We must love each other to life

Published 11:56 pm Wednesday, March 28, 2012

By Maurice K. Mickles Sr.,

Pastor of Little Rock Missionary Baptist Church, Selma

I am sure many of you have heard of this tremendous travesty concerning the late Mr. Trayvon Martin in my native state of Florida. It is a glaring demonstration of the paramount truth: Satan wants to destroy us, and he simply has no regard as to how it is accomplished. Yes, we mourn the life of this high school student, however, we must not be so negligent as to forget that Trayvon is not the only individual who has died. Mr. Zimmerman, in a way, has died, and the worse reality is these are not the only casualties of this war.

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We should not be so shortsighted as to call this an issue of race, though it is a contributing factor. What can possess a man to end another man’s life regardless of his race, religion, or rank? This is an issue of hatred, and I am afraid to say that it is more of hatred of oneself than it is of his brother.

When I struggle to find the significance in my own personal existence I, in turn, devalue the significance of humanity around me, and because of this ignorance to human significance, I embrace behaviors that are harmful to myself and my fellow man. Imagine the burden Mr. Zimmerman will carry until the day of his own demise knowing that he took a 17-year-old’s life into his own hands and deemed it unworthy of another day. Unquestionably, it is the breeding of psychosis.

The late Mr. Martin’s unfortunate murder called us nationally to consider this, but right here in our beloved Selma, to hear of someone being murdered is become too commonplace. I’m not writing this article with a political or philosophical end in mind. I am neither and will leave it to those who major in that field. However, I am a pastor with a heart for the issues confronting the people that live where I live, and I am, now more than ever, thoroughly convinced our only hope for the restoration and revitalization of our communities, both locally and nationally, lies in the hands of the Lord.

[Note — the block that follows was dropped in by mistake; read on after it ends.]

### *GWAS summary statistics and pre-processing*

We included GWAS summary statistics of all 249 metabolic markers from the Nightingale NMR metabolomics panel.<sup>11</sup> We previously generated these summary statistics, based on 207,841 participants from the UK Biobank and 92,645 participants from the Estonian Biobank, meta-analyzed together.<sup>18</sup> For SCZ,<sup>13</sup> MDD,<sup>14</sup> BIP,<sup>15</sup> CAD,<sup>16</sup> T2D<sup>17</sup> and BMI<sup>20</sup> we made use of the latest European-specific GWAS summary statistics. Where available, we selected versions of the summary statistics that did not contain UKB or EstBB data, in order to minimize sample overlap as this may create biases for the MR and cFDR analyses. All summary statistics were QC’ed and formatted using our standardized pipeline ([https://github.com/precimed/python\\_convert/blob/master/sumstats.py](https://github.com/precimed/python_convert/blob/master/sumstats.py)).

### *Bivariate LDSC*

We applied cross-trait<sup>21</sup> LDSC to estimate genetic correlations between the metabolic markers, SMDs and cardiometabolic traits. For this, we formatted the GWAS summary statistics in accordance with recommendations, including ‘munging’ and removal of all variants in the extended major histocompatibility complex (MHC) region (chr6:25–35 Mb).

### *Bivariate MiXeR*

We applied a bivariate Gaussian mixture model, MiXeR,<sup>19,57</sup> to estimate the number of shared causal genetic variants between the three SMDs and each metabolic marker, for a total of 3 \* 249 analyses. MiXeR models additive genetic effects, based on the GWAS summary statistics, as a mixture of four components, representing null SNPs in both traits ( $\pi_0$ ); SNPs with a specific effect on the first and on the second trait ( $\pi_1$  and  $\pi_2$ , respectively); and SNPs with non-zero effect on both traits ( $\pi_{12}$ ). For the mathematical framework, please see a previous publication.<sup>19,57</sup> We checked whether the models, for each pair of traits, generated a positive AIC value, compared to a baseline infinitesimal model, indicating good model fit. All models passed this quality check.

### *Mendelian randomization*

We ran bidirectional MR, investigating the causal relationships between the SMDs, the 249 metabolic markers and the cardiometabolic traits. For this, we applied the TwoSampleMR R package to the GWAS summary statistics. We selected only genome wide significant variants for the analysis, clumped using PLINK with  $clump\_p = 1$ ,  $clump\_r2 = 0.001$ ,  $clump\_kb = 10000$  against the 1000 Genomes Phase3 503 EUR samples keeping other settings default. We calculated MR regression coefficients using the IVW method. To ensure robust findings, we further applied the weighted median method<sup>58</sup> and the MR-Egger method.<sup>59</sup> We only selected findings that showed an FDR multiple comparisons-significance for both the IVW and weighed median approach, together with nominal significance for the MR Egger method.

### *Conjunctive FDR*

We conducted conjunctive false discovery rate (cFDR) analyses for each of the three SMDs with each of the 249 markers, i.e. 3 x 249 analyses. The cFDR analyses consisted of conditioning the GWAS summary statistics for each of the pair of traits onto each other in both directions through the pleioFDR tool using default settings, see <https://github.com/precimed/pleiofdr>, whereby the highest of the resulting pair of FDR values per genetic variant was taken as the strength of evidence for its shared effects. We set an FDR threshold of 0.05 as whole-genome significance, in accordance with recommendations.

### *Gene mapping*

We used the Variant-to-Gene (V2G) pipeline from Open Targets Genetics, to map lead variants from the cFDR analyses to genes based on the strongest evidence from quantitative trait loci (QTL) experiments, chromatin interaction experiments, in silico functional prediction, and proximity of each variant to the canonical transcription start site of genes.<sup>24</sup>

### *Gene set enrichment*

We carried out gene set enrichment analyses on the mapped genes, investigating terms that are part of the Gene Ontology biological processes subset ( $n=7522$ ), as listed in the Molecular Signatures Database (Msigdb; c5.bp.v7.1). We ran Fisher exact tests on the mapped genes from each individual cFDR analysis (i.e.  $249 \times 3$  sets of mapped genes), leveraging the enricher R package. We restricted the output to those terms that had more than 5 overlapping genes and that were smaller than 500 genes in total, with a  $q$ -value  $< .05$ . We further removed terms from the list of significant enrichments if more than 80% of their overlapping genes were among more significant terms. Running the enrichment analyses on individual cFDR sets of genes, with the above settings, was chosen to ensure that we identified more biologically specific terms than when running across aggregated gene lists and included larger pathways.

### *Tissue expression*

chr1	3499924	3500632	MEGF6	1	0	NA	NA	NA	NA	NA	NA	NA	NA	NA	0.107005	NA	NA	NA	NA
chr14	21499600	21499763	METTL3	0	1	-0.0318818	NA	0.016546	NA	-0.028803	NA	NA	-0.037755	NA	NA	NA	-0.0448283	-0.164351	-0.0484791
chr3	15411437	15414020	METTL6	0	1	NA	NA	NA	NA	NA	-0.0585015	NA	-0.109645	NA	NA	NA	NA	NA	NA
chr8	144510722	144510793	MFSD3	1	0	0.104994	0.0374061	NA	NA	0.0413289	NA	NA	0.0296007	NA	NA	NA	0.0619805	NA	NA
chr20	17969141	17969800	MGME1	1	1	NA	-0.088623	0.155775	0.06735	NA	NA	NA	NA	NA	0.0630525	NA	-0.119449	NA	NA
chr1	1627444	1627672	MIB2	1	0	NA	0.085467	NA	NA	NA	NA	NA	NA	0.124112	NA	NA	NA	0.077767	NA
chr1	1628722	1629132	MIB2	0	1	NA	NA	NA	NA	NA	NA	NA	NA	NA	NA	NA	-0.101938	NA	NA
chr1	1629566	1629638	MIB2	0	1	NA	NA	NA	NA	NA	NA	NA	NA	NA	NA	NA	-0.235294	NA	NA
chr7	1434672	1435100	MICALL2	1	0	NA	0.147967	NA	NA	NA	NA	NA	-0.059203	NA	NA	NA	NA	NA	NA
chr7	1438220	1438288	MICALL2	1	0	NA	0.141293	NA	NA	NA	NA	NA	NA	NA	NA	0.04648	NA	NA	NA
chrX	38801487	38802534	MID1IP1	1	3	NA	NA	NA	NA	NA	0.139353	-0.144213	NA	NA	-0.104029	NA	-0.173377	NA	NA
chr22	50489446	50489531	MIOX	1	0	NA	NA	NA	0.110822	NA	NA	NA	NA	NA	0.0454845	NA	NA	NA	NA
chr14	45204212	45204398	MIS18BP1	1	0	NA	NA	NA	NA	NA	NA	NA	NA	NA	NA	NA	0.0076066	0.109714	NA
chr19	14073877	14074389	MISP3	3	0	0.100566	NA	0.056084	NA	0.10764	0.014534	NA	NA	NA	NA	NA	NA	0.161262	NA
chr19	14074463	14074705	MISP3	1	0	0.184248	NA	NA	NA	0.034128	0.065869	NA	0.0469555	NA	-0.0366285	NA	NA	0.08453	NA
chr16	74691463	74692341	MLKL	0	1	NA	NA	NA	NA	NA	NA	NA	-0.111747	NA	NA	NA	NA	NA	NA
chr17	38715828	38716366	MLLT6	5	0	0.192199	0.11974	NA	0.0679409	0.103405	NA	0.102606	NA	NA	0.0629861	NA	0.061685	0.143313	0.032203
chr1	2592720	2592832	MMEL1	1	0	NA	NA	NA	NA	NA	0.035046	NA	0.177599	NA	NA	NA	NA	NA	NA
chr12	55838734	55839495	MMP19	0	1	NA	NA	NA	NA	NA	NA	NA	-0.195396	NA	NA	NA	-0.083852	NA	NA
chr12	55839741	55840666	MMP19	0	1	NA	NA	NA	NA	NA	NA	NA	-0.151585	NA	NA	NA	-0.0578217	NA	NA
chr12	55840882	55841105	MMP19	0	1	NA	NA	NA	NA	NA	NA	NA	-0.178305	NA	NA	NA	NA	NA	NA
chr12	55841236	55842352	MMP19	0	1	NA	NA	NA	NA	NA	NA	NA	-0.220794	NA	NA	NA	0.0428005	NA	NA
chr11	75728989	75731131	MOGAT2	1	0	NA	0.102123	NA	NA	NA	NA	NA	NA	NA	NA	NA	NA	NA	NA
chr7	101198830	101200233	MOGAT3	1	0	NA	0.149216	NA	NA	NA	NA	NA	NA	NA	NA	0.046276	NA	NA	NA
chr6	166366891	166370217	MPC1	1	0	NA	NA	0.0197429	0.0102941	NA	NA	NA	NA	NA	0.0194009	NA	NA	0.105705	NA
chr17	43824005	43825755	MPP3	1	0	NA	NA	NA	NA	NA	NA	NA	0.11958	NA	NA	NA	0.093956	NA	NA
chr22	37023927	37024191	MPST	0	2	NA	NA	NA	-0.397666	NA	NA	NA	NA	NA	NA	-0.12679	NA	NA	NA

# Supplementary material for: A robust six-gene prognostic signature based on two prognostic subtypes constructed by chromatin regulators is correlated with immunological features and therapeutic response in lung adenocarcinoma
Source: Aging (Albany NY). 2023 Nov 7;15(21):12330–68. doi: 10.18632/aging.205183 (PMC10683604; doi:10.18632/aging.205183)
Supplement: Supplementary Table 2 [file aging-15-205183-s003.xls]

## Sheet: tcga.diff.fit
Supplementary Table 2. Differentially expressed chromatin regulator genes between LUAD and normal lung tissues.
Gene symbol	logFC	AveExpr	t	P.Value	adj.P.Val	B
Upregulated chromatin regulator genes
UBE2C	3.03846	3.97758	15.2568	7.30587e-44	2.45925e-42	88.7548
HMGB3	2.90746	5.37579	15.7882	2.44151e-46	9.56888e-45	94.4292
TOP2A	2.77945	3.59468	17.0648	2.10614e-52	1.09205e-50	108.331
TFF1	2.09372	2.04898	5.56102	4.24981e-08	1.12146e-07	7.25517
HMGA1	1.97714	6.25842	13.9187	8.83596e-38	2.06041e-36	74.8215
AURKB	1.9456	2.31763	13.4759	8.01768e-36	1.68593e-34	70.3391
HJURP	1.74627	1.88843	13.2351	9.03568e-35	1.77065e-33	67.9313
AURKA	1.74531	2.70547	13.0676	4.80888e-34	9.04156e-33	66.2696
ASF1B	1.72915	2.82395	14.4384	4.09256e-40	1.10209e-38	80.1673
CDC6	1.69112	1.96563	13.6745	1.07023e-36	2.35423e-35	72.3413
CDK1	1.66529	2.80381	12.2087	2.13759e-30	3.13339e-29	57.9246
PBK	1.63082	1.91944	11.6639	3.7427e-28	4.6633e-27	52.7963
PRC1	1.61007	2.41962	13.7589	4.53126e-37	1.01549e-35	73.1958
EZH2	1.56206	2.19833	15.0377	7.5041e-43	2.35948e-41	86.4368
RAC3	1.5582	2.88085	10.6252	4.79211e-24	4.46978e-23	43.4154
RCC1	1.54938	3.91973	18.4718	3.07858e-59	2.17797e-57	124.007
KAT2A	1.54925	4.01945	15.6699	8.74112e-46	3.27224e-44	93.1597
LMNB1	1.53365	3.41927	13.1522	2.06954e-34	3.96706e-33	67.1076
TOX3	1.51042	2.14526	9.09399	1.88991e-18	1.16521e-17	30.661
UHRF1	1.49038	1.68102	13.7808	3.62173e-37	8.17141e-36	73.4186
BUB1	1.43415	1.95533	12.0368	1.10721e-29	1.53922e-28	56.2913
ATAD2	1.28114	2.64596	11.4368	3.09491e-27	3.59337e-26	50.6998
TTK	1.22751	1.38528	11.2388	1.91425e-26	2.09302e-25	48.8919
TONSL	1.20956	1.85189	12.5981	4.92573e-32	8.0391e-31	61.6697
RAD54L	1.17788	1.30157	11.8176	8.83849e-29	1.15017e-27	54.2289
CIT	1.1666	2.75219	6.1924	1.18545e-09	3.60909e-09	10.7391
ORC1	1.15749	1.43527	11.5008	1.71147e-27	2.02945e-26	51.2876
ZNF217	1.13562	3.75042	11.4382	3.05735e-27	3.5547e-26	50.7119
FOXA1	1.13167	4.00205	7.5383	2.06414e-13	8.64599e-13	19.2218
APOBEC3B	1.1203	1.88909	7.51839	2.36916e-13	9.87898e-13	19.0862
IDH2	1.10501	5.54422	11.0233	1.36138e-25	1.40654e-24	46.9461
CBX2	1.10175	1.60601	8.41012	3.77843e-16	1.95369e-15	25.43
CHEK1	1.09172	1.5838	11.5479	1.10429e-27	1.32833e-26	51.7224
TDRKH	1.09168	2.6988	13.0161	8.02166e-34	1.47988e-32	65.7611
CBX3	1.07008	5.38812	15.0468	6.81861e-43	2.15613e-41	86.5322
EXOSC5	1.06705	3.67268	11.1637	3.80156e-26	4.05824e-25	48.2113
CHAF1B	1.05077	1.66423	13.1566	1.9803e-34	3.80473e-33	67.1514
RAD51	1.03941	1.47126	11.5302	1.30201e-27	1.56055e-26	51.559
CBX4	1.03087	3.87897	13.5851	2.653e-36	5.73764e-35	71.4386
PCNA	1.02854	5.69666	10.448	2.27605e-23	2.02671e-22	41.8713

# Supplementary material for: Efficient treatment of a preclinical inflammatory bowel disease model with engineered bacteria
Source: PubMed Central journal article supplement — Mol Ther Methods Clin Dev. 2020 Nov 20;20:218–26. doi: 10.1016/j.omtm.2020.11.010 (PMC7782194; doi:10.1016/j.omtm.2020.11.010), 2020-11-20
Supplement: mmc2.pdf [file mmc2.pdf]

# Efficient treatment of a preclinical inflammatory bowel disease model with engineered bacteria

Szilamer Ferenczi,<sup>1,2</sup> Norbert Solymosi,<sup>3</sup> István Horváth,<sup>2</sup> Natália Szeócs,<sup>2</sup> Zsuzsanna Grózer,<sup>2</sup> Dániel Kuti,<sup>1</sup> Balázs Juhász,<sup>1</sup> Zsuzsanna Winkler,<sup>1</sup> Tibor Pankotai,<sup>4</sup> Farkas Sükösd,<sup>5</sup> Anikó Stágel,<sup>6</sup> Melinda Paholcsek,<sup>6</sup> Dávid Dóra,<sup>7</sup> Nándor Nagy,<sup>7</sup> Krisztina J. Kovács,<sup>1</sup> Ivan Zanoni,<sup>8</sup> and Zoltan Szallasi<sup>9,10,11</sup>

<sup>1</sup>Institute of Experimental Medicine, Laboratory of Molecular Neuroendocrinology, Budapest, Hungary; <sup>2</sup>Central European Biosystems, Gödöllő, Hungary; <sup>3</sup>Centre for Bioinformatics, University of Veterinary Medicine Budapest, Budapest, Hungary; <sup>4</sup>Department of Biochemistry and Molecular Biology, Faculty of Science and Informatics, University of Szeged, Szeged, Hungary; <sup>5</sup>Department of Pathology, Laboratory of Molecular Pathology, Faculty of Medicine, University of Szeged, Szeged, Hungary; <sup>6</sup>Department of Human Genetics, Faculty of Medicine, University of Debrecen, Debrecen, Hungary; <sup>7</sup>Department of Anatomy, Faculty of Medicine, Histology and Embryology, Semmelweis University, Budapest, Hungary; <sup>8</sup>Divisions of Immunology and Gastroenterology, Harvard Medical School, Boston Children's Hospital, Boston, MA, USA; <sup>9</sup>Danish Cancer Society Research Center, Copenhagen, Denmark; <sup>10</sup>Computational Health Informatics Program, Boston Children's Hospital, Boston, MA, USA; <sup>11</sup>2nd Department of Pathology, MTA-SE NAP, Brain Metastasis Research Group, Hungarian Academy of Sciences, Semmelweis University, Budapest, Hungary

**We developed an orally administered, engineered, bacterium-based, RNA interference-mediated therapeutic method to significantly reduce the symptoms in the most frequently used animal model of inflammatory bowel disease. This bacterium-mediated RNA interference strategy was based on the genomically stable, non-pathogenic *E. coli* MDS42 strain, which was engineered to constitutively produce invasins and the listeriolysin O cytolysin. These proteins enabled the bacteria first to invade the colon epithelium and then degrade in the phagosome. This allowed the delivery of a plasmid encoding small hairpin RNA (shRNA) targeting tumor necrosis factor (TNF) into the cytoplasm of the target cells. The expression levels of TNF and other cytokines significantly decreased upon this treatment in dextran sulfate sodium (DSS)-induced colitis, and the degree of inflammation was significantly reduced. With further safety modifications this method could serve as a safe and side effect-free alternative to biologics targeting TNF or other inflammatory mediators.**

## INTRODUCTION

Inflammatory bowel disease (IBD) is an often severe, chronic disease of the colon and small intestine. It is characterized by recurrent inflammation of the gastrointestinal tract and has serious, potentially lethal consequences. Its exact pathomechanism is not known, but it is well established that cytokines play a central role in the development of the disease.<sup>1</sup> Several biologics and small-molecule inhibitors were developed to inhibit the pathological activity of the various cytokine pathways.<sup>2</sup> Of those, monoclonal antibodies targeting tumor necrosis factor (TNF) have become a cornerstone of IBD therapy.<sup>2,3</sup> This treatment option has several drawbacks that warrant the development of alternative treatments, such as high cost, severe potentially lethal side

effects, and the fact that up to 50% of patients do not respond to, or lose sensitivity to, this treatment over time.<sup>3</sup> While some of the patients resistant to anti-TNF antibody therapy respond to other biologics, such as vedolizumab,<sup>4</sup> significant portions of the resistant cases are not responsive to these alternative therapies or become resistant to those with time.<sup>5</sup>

I don’t think this young man’s death being brought to light during the season of Lent is by mere coincidence. Often time, we can become so common with God that we forget the luxury of our relationship with Him was extremely costly.

Jesus, on the cross of Calvary, stood toe-to-toe with all of the hatred hell could muster and won through the power of love.

His keen awareness of human significance at its deepest levels, the creative genius with which humanity was formed, stirred within Him the constitution of character to pray for those who were preying on Him, to bless those who were cursing Him, and to make provisions for those who could no longer provide for Him. That is the cure, my friends — a river of love that cannot be constricted by our own personal bias.

In the vernacular of our Christ, the people who love us are not existentially the ones who need our love the most. The one who has no love to give us is the one who needs to be drowned in the currents of agape.

In Koine Greek, the word agape was rarely ever used, but when it was used, it denoted showing special kindness to strangers and the undeserving. When the New Testament began to employ it, the term agape was designated to express volitional, self-sacrificial love that can only be naturally expressed by God, and when we experience the new birth through the finish work of Christ, we are empowered by the Spirit of God to show that God-kind of love. The very fact they do not deserve our love is the very reason that we should give it.

In conclusion, I am challenging you today, Selma, to make the conscious decision to love unreservedly. “The way we know we’ve been transferred from death to life is that we love our brothers and sisters. Anyone who doesn’t love is as good as dead. Anyone who hates a brother or sister is a murderer, and you know very well that eternal life and murder don’t go together.” (1 John 3:14-15, MSG)

Dr. Martin Luther King, Jr., admonished us, “Let no man pull you so low as to hate him.” Long gone are the days of loving people to death. I love you to life.